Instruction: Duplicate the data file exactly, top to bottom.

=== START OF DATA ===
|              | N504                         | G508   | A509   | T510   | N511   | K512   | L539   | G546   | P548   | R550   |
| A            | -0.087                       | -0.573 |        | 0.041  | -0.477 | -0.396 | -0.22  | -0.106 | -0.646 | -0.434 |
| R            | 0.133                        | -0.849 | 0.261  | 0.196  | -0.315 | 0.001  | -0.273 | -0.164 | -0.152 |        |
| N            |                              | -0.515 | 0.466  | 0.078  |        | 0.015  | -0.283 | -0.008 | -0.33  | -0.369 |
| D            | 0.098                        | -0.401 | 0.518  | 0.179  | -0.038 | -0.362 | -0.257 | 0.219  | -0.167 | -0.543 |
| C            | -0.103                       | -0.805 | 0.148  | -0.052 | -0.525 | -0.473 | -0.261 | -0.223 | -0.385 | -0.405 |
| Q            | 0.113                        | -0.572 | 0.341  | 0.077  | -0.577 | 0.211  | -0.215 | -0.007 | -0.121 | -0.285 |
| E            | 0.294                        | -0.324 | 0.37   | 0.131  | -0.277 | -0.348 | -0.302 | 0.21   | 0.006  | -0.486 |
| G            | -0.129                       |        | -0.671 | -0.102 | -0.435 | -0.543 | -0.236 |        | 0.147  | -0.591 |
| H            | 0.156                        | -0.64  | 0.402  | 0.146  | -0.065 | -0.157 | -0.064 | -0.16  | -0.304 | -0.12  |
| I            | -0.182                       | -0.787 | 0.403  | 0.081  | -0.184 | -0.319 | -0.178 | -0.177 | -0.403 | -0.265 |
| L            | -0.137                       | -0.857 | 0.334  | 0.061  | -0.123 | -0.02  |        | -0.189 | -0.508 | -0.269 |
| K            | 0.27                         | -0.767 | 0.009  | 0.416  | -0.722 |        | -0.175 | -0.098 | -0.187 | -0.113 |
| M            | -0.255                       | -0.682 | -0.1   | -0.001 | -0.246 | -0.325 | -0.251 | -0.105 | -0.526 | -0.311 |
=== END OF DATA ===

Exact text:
|              | N504                         | G508   | A509   | T510   | N511   | K512   | L539   | G546   | P548   | R550   |
| A            | -0.087                       | -0.573 |        | 0.041  | -0.477 | -0.396 | -0.22  | -0.106 | -0.646 | -0.434 |
| R            | 0.133                        | -0.849 | 0.261  | 0.196  | -0.315 | 0.001  | -0.273 | -0.164 | -0.152 |        |
| N            |                              | -0.515 | 0.466  | 0.078  |        | 0.015  | -0.283 | -0.008 | -0.33  | -0.369 |
| D            | 0.098                        | -0.401 | 0.518  | 0.179  | -0.038 | -0.362 | -0.257 | 0.219  | -0.167 | -0.543 |
| C            | -0.103                       | -0.805 | 0.148  | -0.052 | -0.525 | -0.473 | -0.261 | -0.223 | -0.385 | -0.405 |
| Q            | 0.113                        | -0.572 | 0.341  | 0.077  | -0.577 | 0.211  | -0.215 | -0.007 | -0.121 | -0.285 |
| E            | 0.294                        | -0.324 | 0.37   | 0.131  | -0.277 | -0.348 | -0.302 | 0.21   | 0.006  | -0.486 |
| G            | -0.129                       |        | -0.671 | -0.102 | -0.435 | -0.543 | -0.236 |        | 0.147  | -0.591 |
| H            | 0.156                        | -0.64  | 0.402  | 0.146  | -0.065 | -0.157 | -0.064 | -0.16  | -0.304 | -0.12  |
| I            | -0.182                       | -0.787 | 0.403  | 0.081  | -0.184 | -0.319 | -0.178 | -0.177 | -0.403 | -0.265 |
| L            | -0.137                       | -0.857 | 0.334  | 0.061  | -0.123 | -0.02  |        | -0.189 | -0.508 | -0.269 |
| K            | 0.27                         | -0.767 | 0.009  | 0.416  | -0.722 |        | -0.175 | -0.098 | -0.187 | -0.113 |
| M            | -0.255                       | -0.682 | -0.1   | -0.001 | -0.246 | -0.325 | -0.251 | -0.105 | -0.526 | -0.311 |